Online harassment is nothing new but over the years, the act has become more and more aggressive – specifically towards women. Vv Magazine’s Ama Scriver shares her personal experience as well as others’ experience with cyberbullying.
Although I’m sure this isn’t news to anybody, the Internet isn’t safe for anyone. But more specifically, the Internet isn’t safe for women. It’s a broad and bold statement to make, but the reality is this: it’s true. According to a Pew Research Centre study, 73% of adult internet users have seen someone harassed in some way online but it is young women (ages 18-24) who experience harassment at disproportionately high levels. 26% of women have been stalked online, and 25% were the target of online sexual harassment. So to say online harassment is a new phenomenon would be highly inaccurate, but the better question is why aren’t we doing anything more about it?
It is young women (ages 18-24) who experience harassment at disproportionately high levels. 26% of women have been stalked online, and 25% were the target of online sexual harassment.
Over the last year, I have been the target of threats and harassments online on multiple occasions. I chalk this up to being a loud femme on the internet with opinions. During the summer of 2016, I was part of a public shaming campaign by Milo Yiannopoulos (aka Nero) and his band of followers. They decided to target folks who had shown support towards retailer JC Penney for their brand new plus-size line using Project Runway winner Ashley Nell Tipton titled, #HereIAm. In less than 24 hours, my inbox was flooded with death and rape threats along with other anonymous users sending me harassing tweets calling me everything from “whale” to “waste of space”. I quickly blocked as much as I could but the two days I spent dealing with the targeted harassment (on a small level) had me feeling panicked and sick. Sadly, there are folks dealing with this out there on a much greater level.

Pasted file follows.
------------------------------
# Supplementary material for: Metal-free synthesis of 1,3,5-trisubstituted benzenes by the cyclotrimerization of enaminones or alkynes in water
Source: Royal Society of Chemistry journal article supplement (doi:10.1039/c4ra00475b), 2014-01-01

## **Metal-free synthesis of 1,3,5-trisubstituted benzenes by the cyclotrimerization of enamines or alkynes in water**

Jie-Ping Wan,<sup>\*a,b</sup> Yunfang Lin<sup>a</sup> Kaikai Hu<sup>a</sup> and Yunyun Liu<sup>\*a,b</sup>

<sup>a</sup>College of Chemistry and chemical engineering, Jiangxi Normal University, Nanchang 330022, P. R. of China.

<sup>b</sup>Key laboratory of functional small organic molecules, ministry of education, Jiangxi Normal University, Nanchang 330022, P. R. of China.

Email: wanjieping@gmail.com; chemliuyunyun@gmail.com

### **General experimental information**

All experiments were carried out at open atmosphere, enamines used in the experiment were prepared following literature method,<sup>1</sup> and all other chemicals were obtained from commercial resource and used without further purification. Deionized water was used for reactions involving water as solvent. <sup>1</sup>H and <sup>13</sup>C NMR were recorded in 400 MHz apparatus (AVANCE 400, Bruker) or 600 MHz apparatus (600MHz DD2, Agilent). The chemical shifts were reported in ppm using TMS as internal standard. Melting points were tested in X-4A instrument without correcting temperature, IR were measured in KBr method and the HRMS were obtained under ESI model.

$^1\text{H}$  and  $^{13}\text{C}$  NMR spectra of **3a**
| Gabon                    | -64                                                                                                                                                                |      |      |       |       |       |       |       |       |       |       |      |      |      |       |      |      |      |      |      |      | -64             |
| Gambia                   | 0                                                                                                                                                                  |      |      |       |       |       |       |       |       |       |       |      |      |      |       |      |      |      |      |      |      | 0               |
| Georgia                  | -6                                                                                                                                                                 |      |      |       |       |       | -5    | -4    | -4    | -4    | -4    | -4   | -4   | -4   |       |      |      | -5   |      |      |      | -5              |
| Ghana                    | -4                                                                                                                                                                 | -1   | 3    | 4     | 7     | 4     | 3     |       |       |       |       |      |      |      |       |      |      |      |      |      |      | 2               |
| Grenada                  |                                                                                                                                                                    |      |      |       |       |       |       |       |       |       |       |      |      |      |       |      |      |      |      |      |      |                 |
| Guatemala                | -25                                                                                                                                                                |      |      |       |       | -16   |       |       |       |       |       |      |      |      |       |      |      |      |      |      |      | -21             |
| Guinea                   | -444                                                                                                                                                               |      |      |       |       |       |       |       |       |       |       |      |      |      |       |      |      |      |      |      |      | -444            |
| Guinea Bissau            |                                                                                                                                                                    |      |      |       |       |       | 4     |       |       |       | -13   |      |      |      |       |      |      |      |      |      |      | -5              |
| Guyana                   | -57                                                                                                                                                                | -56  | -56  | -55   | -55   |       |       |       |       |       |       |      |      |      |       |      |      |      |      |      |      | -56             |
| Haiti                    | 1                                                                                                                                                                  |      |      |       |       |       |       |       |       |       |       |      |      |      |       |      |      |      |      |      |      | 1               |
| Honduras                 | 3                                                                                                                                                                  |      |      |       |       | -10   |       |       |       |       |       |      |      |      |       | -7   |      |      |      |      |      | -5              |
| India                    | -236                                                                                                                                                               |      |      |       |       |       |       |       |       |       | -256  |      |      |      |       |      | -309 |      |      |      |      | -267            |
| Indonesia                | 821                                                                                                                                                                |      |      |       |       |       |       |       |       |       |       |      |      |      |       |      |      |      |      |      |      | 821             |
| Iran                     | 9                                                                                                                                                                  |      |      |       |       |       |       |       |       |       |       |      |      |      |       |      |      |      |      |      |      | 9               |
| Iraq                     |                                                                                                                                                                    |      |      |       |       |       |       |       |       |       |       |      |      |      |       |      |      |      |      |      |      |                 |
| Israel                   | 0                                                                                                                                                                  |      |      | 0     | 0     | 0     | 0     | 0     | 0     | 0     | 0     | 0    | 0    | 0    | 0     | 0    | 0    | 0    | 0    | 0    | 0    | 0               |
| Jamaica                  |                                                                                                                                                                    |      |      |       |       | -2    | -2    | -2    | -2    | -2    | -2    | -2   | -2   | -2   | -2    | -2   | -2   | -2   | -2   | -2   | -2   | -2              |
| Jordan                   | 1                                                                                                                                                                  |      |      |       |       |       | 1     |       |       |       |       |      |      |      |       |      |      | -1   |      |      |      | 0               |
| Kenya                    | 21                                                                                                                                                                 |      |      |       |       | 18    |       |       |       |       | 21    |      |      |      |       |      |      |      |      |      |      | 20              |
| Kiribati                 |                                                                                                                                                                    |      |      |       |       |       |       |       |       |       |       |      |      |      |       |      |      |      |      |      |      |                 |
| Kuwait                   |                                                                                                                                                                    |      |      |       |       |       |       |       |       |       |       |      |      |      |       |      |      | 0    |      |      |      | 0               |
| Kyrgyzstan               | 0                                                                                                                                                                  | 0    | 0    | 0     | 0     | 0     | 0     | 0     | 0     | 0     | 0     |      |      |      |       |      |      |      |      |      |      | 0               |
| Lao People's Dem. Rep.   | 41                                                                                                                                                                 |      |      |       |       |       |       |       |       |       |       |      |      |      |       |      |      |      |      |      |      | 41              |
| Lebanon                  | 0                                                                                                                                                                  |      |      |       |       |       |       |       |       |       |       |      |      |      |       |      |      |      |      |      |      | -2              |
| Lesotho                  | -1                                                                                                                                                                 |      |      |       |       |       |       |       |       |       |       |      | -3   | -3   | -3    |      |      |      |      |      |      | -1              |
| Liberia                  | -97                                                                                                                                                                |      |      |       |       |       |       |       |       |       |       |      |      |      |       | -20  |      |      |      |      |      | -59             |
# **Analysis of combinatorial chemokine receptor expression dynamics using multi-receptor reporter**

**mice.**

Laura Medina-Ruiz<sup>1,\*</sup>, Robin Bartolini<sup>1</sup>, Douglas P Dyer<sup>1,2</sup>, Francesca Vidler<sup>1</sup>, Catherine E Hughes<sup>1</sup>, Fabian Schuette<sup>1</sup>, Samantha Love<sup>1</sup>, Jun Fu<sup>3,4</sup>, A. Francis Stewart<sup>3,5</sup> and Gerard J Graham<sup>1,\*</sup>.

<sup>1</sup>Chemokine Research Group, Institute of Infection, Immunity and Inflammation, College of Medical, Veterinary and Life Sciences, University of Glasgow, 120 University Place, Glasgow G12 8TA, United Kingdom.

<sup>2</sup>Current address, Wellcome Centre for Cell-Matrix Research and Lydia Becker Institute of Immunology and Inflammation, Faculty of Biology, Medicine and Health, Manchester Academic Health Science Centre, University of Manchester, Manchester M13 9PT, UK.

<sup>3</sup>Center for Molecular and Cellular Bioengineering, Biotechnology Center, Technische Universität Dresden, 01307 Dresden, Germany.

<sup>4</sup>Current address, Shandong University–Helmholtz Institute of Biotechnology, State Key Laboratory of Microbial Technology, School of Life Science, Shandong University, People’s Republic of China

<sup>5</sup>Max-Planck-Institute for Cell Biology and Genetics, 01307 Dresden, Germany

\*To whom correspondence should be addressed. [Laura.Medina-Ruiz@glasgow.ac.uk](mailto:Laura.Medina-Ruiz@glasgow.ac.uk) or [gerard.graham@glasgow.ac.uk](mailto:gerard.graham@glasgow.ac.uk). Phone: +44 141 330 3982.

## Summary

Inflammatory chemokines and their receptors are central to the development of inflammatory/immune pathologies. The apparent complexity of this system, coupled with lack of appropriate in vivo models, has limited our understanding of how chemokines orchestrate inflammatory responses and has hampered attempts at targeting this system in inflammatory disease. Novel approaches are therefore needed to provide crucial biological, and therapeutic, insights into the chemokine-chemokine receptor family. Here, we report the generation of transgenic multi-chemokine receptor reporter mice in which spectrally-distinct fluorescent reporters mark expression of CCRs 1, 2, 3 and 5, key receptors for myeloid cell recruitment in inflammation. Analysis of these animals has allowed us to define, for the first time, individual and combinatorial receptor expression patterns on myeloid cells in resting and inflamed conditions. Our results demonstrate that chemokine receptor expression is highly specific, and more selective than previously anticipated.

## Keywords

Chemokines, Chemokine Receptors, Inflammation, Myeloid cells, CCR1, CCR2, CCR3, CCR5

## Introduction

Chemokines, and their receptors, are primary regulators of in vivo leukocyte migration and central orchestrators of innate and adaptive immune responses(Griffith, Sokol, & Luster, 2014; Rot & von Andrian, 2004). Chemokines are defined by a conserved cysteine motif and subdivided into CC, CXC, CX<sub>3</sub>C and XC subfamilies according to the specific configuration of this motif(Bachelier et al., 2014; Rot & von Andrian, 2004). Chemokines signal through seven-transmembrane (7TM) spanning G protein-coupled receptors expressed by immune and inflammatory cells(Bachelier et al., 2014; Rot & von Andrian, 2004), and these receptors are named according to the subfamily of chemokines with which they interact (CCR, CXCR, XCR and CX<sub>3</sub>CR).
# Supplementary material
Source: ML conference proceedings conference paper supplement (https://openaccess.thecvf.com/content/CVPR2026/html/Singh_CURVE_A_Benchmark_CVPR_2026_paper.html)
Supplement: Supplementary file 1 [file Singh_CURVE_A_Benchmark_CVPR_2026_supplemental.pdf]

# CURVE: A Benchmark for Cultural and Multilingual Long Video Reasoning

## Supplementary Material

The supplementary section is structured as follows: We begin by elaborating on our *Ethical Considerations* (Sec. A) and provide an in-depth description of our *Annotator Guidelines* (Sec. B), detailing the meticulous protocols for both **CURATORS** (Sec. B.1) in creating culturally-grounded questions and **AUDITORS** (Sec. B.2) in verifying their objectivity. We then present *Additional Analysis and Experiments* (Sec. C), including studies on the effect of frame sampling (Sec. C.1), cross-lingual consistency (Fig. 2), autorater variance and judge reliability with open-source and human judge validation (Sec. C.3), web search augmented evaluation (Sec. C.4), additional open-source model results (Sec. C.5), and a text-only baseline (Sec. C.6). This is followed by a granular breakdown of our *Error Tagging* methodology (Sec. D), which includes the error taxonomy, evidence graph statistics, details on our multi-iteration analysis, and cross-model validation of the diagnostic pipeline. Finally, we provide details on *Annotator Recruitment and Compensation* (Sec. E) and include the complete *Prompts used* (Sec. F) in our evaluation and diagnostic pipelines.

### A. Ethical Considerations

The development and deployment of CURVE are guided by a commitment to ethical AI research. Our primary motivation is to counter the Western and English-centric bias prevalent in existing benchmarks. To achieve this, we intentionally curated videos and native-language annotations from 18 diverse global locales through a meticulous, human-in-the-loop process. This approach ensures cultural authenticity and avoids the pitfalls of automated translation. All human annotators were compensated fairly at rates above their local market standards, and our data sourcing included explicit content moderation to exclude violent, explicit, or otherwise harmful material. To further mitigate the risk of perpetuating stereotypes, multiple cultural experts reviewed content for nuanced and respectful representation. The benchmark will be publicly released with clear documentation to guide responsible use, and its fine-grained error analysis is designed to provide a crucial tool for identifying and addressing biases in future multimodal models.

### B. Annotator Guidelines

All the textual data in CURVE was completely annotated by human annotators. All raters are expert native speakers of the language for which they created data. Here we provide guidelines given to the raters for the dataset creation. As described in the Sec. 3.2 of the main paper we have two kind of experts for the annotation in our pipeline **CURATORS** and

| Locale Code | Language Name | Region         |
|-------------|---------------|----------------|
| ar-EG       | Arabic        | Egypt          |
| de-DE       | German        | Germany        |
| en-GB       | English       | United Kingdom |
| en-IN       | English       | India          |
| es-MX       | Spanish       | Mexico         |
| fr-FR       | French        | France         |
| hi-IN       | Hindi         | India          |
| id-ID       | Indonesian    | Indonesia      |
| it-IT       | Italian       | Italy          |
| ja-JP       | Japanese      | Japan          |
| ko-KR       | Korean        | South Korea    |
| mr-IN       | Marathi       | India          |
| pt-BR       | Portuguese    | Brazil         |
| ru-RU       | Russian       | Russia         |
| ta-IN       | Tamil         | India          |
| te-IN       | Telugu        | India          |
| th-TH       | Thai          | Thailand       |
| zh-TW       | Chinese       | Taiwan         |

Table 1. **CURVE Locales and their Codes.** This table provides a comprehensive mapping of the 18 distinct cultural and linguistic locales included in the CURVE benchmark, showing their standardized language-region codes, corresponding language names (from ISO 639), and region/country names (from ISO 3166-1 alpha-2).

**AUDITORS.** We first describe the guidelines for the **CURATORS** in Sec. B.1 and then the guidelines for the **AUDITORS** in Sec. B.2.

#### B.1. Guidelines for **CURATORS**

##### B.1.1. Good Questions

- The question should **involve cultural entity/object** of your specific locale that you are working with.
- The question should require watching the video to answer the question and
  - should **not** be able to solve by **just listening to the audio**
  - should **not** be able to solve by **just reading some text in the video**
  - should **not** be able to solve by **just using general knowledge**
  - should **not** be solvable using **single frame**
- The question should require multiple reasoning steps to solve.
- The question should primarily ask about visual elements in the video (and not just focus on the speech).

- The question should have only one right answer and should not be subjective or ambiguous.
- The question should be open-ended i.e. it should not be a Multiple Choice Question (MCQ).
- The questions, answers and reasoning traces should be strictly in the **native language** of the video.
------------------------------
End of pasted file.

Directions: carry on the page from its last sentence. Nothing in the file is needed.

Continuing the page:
Back in 2014, Gamergate targeted several women in the video game industry with a larger scale harassment campaign ranging from doxing, threats of rape, and death threats. When these women decided to use their platform to speak out against the harassment, things got worse. Some were forced into hiding and others closed their accounts or stayed silent because of fear itself. The fact is, we have created this dialogue and since 2014 nothing has changed. Cyberbullying and trolling has become almost well… normalized. Social platforms like Twitter and Facebook doing almost nothing to step in. I chatted with online personality Erika Szabo who explained, “The biggest problem is its sense of anonymity. Many seem to think that when they are in an online space they can say whatever they want without any care or consideration for others. In this way, online bullying is far more detrimental in that much of that behaviour will be normalized even if those same people might feel more silenced in real life.”